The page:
After decades of indifference to Indian demands, Canadians increasingly support calls for native self- government and for settlement of land claims and treaty rights. The Spicer commission, which toured Canada in 1991 seeking citizens' opinions on constitutional reform, estimated that more than 85 percent of non-aboriginal people favoured more equitable treatment for the country's Indians, Metis and Inuit. Last January 58 percent of Canadians supported self-government for aboriginal people.
/ / /
But what native leaders mean by self-government is very different from what Canadians seem to think they mean...
/ / /
Canadians and the native leaders also disagree over the financial obligations of governments to self- governing natives. Almost half of those polled by Angus Reid thought that federal payments should decrease after natives become self-governing. The question then arises: shouldn't natives who live on reserves tax themselves to pay for local improvements, just as rate payers in cities and towns are taxed to cover the costs of municipal services?
211. The public has no conception of the reason the tax exempt status of natives even exists, or the limits of that exemption.
212. At constitutional common law the native Nations beyond the treaty frontier were quasi-sovereign bodies politic. The Royal Proclamation of 1763 confirmed the common law, when it enacted "the several Nations or tribes...should not be molested or disturbed in...their Hunting Grounds." In furtherance of this general injunction, the proclamation in particular also confirmed the constitutional common law position that royal governments could not grant the natives' national lands, when it deemed such land grants to constitute a "Pretence...upon any Lands whatever which not having been ceded to or purchased by Us as aforesaid are reserved to the said Indians or any of them." Since the native Nations are independent in relation to lands beyond the treaty frontier, therefore it was out of the question for royal governments to tax them.
213. By "out of the question" I mean literally so. Obviously, no government can tax the nationals of another independent government in relation to the territory that is reserved for the unmolested and undisturbed possession of the latter.
214. Naturally, if a native national should emigrate from the native national territory and take up residence within the treaty frontier in the territory of a royal government, then that native was expected to pay taxes for income earned there.
215. Regarding reserves within the treaty frontier the tax exemption continues as an implicit term of the treaty contract, regardless of the Indian Act. This is essentially what the Indian Act confirms, when it provides as it does in section 89 that on-reserve income is tax exempt whereas off-reserve income is taxable. The Indian Act did not create this law. It merely confirmed a law that is part of the founding legal framework of the country, the very social compact upon which the country is based.
216. A "reserve" in the section 2(1) Indian Act sense of land "set apart for a particular band" is native national land held back from the native Nation's earlier relinquishment of independence. As a matter of existing constitutional law there is no basis for royal governments taxing natives in relation to any activity upon land beyond the treaty frontier. This has absolutely nothing to do with the domestic legislation known as the Indian Act, and everything to do with the higher natural, international and constitutional law that precedes the Indian Act and that remains paramount over section 91(24) of the Constitution Act, 1867 and section 35(1) of the Constitution Act, 1982.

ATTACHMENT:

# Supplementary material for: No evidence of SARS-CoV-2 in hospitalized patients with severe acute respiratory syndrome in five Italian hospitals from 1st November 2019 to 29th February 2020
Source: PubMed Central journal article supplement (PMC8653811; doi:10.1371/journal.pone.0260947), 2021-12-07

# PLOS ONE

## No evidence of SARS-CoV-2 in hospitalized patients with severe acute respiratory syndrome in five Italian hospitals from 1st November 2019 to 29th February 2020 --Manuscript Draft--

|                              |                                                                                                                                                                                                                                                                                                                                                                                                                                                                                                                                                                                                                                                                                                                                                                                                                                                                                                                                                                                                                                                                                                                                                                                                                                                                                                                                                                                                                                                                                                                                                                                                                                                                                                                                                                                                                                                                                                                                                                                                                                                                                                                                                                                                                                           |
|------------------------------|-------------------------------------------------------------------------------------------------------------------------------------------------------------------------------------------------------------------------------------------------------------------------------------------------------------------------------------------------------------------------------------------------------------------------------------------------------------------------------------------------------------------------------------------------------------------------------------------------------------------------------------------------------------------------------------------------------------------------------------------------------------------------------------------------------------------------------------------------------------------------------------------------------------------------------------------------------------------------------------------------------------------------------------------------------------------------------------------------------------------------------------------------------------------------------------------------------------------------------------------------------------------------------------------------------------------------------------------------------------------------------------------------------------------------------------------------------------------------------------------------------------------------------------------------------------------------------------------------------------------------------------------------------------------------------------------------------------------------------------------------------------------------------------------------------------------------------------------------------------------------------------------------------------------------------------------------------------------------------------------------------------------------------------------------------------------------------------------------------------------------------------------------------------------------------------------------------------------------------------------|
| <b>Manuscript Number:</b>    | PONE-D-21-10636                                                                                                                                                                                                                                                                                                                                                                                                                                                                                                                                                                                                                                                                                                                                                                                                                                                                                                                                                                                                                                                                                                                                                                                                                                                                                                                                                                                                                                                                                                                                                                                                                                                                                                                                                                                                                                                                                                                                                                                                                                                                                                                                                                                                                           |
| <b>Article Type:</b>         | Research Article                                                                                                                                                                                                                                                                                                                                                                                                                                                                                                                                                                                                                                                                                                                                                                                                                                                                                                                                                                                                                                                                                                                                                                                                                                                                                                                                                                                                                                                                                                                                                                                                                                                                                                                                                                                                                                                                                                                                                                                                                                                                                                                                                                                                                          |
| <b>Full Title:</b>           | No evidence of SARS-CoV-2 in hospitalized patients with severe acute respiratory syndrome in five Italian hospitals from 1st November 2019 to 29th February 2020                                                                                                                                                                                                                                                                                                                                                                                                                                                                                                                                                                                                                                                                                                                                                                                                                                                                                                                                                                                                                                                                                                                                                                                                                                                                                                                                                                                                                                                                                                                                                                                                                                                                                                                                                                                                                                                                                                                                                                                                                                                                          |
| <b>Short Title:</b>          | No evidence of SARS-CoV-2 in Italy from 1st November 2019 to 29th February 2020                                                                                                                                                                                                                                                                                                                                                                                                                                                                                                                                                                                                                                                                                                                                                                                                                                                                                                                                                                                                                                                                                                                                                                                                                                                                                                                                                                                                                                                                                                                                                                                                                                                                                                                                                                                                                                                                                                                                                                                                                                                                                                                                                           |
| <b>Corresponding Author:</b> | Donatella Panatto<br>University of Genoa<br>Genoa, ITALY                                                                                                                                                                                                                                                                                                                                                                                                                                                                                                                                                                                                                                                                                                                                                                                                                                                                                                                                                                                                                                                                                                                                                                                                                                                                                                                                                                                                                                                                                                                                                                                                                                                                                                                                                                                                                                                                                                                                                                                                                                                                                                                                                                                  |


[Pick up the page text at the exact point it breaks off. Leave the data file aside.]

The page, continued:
217. Canada is now in a legal bind of its own criminal making. To recapitulate: pre confederation British Columbia invaded the Indian territories beyond the treaty frontier. That British Columbia today consists in part of territory within the treaty frontier and in part of territory beyond the treaty frontier is legally indisputable. Governor Douglas made treaties on Vancouver Island and commenced negotiations for treaties on the mainland. This process was discontinued by his successor Governors. They simply applied the provincial legislation beyond the treaty frontier as if the land was terra nullius. At constitutional common law that application constituted treason at the time it began. In terms of the Royal Proclamation's re-iteration of the common law, that application was classically a "Pretence" contrary to the crown's "Pleasure," patently in breach of the crown's constitutionally undertaken "Protection" obligation. Following confederation, the federal government recognized that the provincial land legislation was unconstitutional beyond the treaty frontier. Thus, by the Minute of the federal Privy Council approved by the Governor General and dated 23rd January 1875 Canada approved the Report of the Hon. the Minister of Justice dated 19th January 1875. That report acknowledged the existing paramount law precluding grants beyond the treaty frontier, and recommended disallowance of the British Columbia crown lands legislation pending treaties with the native Nations. Pursuant to sections 91(24), 109, 129 and 146 of the Constitution Act, 1867 and articles 10 and 13 of the British Columbia Terms of Union of 1871, the federal government was duty bound to exercise its jurisdiction to disallow the offending provincial legislation under sections 56 and 90 of the Constitution Act, 1867. This is what the Minister of Justice reported and correspondingly what the federal government legislatively by Minute-in-Council admitted. That Minute-in- Council was never acted upon. Rather, the federal administration in the following year enacted the Indian Act of 1876, and then began the long night of treason beyond the treaty frontier that continues to this day. The 1876 Indian Act introduced the modern restricted definition of "reserve," being land set apart for a particular band. Then it started in earnest the process of setting apart such reserves for particular bands, even in regions where no treaties were made. You will recall that customarily reserves were tiny tracts held back for the use of local bands from the surrender by native Nations of their aboriginal independence over their once vast Hunting Grounds. Since in most of British Columbia treaties were not entered into, therefore another mechanism was employed. Based upon the fraudulent and treasonable "Pretence" that the provincial government could grant land beyond the treaty frontier, the provincial government by Orders-in-Council granted particular tracts to the federal government. Then, the federal government by Orders-in-Council set apart these tracts for particular bands. This whole process from beginning to end was, and remains, fraudulent and treasonable.